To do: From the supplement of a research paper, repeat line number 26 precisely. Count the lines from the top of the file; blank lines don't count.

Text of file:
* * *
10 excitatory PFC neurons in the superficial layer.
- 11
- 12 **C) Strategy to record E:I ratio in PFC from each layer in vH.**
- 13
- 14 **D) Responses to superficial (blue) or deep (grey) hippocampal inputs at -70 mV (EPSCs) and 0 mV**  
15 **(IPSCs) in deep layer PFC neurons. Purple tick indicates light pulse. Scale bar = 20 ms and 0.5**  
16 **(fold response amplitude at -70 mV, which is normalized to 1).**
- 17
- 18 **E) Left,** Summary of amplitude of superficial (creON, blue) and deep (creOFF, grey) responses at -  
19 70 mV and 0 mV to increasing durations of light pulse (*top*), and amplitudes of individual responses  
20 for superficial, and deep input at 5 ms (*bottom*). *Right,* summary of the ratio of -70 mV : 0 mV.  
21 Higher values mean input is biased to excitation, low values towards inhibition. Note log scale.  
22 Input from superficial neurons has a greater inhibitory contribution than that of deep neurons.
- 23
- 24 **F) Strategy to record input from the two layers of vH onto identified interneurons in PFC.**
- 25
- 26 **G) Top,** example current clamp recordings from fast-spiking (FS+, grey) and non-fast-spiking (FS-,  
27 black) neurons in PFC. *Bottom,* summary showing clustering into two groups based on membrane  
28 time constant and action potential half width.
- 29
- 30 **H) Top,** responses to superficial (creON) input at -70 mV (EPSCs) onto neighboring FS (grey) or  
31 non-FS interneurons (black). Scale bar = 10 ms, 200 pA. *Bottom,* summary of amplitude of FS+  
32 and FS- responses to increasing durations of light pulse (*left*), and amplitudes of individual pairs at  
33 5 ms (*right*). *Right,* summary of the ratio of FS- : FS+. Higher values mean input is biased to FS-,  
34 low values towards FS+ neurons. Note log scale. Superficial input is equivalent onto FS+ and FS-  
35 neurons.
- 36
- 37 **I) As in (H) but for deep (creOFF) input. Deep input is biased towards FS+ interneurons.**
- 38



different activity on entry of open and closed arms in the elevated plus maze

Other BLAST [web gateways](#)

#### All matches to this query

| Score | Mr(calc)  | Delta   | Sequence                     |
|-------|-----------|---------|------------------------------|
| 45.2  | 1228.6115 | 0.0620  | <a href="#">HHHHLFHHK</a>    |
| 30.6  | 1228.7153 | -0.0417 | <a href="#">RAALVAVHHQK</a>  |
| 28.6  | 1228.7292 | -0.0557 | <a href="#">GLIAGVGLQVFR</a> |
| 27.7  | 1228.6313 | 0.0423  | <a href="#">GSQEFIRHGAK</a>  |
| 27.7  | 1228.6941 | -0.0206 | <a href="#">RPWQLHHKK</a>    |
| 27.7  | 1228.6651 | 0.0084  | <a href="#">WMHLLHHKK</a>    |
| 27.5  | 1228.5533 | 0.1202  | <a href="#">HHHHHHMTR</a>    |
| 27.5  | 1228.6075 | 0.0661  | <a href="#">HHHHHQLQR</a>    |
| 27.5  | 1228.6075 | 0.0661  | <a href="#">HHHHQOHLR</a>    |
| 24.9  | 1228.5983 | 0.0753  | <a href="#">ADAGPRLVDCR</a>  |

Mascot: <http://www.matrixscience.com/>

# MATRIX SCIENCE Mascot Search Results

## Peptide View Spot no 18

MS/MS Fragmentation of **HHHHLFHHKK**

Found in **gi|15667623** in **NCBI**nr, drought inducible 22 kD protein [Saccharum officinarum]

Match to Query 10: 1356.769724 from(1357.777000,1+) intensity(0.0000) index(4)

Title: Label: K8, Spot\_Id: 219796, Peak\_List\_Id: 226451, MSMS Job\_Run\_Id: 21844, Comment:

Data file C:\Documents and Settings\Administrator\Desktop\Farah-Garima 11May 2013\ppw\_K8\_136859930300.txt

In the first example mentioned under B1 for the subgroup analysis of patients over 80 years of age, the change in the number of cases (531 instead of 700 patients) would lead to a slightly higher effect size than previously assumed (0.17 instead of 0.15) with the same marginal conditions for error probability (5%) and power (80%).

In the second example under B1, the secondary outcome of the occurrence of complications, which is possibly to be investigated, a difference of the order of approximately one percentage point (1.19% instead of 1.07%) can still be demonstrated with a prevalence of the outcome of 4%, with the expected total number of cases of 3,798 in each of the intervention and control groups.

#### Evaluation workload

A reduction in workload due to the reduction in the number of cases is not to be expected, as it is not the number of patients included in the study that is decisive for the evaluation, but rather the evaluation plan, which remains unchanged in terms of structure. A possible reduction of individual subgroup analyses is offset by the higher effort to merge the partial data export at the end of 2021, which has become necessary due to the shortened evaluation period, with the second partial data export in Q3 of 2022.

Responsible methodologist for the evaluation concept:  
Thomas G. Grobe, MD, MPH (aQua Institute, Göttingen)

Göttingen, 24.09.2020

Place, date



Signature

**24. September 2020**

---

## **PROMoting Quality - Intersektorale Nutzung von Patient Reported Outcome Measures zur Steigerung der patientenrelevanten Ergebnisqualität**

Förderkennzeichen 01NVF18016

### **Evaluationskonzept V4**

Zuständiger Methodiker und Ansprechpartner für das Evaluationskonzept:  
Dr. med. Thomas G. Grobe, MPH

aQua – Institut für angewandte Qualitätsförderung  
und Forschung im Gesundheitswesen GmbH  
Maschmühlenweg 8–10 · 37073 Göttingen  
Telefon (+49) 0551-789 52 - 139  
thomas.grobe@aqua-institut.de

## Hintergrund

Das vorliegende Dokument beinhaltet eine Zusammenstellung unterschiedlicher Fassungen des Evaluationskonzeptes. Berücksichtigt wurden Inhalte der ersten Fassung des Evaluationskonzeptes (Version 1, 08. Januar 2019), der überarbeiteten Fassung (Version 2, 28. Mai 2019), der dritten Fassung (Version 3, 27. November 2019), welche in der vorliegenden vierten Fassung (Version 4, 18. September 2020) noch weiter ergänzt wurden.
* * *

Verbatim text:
35 neurons.